The idyllic setting of Danny Boyle’s film The Beach presents this place as a space of longing and escape – longing for the return to a more natural, idealized way of life and escape from everyday life. Even as the film draws upon the paradigm of the idyll in its depiction of the beach, it simultaneously deconstructs any notion of a habitable paradise on Earth. Using semiotic theories of space, this article examines the ambivalence of modern tourist desires. The film shows how the continuous narrativization of an idyllic space becomes the impetus for a community of backpackers to risk their lives for illusory ideals which cannot be upheld in reality.
The discrepancy between common temporary expectations of Switzerland as idyll on the one hand, and the reality of its industrially organized tourism on the other, imposes irritations upon the touristic gaze. This article, then, traces the origins of this discrepancy and examines the relationship between Swiss idyll and tourism in the 19th century. The analyses of Ida Hahn-Hahn’s Eine Idylle and Hans Christian Andersen’s Iisjomfruen showcase different ways of relating idyll and tourism to one another as well as the aesthetic merit produced by this constellation.
The article examines the relation of tourism and idyll in regard to the mediation of the tourist experience. Digital detox tourism and off grid tourism are two examples of contemporary tourism – including their respective practices and ways of promotion – that associate certain cultural stereotypes with the idyll. While digital detox tourism promises independence from the digital world, off grid tourism detaches the tourist from infrastructure and supplies. Paradoxically, the advertising of these types of ‘disconnection’ makes use of the same linked infrastructures that tourists are bound to leave behind. Thus, this article reveals the ways in which digital detox tourism and off grid tourism remain dependent on those networks.
The article argues that ‘gentle tourism’ in particular shares similarities with the idyll. The term made popular by Robert Jungk in 1980 describes an autonomous kind of tourism that considers ecological and economical questions alike. It derives – thus the thesis of the article – its motifs from a subgenre of the idyll: German ‘Landlebendichtung’ (laus ruris). The analyses of the paradigmatic texts Das Landleben by Ewald von Kleist and Salomon Gesner’s Der Wunsch outline the characteristics of the genre at which core one can find the binary opposition of urban and rural forms of life.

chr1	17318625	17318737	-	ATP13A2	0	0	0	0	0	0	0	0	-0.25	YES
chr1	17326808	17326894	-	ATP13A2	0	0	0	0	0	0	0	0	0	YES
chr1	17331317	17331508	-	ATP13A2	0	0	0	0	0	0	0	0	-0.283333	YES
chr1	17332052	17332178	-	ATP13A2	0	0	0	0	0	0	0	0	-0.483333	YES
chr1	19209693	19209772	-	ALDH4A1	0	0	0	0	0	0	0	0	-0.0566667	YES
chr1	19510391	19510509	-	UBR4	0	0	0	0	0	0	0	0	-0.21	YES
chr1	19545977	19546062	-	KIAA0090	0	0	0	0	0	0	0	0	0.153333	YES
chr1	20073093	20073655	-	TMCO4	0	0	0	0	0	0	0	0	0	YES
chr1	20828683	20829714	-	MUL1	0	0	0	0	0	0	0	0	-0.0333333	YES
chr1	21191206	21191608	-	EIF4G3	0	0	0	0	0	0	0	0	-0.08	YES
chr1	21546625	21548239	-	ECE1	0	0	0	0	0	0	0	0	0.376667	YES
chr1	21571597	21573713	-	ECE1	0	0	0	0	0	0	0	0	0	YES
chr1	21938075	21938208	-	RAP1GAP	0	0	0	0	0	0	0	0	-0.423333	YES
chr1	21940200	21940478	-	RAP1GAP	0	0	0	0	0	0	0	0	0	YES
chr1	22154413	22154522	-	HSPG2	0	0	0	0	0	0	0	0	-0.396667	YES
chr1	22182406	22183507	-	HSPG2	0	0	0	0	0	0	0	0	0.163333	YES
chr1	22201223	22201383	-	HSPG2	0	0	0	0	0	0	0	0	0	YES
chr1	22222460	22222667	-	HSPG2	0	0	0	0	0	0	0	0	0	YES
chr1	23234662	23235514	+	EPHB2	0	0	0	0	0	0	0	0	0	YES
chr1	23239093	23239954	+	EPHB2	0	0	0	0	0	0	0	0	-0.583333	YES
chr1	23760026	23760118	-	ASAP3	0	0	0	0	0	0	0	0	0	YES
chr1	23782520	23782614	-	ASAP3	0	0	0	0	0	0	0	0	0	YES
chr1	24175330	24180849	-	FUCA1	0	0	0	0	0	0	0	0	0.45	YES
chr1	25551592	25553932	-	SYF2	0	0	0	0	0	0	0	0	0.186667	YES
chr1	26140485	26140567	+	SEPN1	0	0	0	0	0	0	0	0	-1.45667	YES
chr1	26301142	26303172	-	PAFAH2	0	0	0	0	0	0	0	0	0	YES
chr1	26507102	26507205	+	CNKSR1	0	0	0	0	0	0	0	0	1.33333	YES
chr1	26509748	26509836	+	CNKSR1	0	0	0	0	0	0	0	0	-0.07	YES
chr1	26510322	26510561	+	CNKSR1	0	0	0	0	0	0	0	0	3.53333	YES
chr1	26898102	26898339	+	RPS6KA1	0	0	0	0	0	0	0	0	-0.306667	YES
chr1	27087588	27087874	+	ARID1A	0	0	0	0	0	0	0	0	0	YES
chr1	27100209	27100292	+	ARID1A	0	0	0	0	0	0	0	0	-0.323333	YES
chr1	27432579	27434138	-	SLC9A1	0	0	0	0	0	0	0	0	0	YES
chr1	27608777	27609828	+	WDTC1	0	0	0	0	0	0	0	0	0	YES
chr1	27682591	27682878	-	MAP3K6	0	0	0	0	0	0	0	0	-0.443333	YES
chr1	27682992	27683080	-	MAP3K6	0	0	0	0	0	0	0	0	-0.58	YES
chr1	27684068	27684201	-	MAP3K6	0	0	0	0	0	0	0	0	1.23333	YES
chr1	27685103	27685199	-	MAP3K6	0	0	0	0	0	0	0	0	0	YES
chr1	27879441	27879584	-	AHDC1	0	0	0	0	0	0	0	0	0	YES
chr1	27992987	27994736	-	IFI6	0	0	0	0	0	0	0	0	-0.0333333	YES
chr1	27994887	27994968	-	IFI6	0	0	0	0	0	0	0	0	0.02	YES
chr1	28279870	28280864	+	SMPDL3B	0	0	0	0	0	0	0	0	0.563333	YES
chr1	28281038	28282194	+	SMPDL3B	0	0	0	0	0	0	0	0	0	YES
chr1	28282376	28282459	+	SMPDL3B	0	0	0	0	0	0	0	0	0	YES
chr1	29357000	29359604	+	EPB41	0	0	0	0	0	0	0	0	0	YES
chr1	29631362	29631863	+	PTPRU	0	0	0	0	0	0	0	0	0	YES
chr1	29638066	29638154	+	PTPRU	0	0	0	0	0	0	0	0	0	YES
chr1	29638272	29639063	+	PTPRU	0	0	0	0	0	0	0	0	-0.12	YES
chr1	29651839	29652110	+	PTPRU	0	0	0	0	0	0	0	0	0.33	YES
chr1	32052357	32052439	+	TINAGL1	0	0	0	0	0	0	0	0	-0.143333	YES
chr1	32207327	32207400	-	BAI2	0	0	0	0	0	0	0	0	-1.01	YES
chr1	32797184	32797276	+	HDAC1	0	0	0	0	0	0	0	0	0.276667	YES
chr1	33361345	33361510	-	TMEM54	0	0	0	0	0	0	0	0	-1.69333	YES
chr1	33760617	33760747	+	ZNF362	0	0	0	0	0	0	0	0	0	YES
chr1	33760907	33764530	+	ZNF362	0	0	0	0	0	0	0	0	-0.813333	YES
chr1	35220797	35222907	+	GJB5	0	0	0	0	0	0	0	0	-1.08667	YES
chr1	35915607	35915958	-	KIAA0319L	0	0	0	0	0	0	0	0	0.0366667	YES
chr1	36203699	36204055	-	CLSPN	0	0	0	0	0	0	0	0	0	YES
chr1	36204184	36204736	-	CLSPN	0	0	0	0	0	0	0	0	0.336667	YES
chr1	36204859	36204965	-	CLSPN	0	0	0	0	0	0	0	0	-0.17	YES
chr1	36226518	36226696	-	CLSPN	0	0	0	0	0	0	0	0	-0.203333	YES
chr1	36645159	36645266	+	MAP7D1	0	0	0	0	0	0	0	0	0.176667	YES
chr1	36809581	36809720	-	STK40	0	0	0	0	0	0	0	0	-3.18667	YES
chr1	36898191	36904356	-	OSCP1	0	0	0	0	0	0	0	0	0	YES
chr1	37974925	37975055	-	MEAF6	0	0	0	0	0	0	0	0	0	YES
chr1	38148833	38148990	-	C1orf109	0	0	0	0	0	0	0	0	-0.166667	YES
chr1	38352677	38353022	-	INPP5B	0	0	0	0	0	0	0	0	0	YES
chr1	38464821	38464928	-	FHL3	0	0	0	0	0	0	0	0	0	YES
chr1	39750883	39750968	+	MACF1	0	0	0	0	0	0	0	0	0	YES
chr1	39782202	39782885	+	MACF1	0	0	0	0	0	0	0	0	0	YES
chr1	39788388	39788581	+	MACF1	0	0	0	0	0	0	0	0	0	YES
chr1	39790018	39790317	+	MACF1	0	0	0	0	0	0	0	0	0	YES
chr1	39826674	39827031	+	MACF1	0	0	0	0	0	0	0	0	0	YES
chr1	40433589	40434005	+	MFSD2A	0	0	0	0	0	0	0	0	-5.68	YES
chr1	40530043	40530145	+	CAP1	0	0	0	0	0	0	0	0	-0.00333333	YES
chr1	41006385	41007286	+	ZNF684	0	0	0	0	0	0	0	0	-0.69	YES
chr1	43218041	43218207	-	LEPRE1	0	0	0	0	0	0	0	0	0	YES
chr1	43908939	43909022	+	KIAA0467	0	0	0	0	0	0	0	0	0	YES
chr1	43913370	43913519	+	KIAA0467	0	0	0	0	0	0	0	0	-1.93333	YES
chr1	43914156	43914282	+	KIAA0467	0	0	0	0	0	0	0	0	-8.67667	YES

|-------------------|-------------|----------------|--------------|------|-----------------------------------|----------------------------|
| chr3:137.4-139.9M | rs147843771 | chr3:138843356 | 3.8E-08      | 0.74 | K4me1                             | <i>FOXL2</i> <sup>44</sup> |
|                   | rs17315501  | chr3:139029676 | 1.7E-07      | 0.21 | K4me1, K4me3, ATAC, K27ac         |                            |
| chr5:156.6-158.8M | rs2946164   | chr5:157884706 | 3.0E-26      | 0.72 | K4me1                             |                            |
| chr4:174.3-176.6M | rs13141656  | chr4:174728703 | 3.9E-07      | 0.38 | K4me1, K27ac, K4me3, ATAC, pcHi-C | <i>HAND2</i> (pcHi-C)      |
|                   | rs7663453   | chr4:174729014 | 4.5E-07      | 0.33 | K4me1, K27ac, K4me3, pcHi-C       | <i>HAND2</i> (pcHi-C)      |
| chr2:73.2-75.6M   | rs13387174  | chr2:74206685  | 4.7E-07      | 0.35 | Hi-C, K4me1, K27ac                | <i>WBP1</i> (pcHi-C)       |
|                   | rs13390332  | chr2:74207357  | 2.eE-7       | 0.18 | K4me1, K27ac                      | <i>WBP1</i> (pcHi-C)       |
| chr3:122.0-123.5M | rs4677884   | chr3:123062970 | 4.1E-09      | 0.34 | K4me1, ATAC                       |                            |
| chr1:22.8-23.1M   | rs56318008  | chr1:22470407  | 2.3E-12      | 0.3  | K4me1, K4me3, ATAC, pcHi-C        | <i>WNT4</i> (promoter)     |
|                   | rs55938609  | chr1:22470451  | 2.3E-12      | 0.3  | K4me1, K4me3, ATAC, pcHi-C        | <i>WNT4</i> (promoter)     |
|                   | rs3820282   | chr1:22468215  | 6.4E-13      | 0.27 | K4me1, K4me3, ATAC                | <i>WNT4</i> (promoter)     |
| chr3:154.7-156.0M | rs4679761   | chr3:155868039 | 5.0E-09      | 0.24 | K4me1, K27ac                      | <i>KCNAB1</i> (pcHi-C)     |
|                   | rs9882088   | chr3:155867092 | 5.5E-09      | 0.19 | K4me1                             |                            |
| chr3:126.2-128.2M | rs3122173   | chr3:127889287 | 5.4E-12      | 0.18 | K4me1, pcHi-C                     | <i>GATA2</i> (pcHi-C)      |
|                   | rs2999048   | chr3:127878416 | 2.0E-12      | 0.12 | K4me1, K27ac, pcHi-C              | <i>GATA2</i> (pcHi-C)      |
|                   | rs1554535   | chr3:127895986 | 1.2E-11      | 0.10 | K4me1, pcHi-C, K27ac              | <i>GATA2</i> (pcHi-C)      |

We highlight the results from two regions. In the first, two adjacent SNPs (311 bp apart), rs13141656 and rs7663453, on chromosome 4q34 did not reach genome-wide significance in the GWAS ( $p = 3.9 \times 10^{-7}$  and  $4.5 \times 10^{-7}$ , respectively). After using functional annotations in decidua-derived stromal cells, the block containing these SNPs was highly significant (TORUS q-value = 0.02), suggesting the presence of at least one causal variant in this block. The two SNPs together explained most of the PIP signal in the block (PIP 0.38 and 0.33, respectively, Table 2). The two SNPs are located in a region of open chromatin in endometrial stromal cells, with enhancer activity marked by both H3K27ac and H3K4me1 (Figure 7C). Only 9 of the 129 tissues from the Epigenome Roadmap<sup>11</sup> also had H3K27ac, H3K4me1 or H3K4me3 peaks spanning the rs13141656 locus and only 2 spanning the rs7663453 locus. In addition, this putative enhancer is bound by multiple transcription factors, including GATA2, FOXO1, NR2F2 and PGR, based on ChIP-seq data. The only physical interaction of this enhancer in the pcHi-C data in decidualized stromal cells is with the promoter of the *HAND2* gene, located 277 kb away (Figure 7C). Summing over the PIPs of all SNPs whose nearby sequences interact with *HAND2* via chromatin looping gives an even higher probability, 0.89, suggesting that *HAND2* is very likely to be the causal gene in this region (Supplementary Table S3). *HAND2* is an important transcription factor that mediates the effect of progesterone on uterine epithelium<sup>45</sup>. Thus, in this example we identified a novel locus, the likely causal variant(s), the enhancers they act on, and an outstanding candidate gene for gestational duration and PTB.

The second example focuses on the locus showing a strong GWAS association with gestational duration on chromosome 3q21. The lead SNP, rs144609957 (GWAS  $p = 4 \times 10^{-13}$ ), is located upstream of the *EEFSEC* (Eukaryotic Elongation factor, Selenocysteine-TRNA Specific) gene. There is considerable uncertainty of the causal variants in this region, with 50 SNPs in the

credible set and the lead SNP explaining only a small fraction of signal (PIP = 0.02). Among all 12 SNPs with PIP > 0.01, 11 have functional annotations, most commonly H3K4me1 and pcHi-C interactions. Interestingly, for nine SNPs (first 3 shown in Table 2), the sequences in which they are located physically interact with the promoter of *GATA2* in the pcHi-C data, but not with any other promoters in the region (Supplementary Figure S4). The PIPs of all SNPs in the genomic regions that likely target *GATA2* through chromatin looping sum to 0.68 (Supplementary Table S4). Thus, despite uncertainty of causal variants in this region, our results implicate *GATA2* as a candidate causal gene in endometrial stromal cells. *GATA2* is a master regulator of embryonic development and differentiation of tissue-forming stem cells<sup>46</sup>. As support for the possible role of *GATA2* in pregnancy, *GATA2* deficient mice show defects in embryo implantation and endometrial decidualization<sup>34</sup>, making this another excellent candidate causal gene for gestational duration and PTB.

This article examines the structural analogy between the literary idyll and tourism that lies in the specific difference between idyllic and touristic spaces on the one hand and those of a modern, functionally differentiated, and rational everyday life on the other. The peak in the production of literary idylls as well as the onset of tourism in the late 18th and early 19th century can thus be conceptualized as a reaction to experiences of alienation due to emerging processes of modernization. An analysis of Goethe’s Der Wandrer shows however how literary idylls not only helped to shape the tourist gaze, but also reflected on the touristic and idyllic experience as an experience between foreignness, alienation and belonging.
Die Beiträge des Bandes verstehen „Krise“ als einen zentralen Bestandteil kultureller und gesellschaftlicher Institutionen – und gleichermaßen als Ursprung und Effekt von Erzählungen: Einerseits müssen Krisenphänomene narrativ hergestellt, medien-, gattungs- und disziplinspezifisch in Szene gesetzt werden, andererseits dient die Kulturtechnik des Erzählens – nicht nur im engeren Sinne einer talking cure – der Überwindung von und dem Lernen aus Krisen. Dabei stellen Krisen in Erzählprozessen als Ereignis meist den Zeitpunkt unmittelbar vor einem Wendepunkt dar: Krisen erfordern Entscheidungen.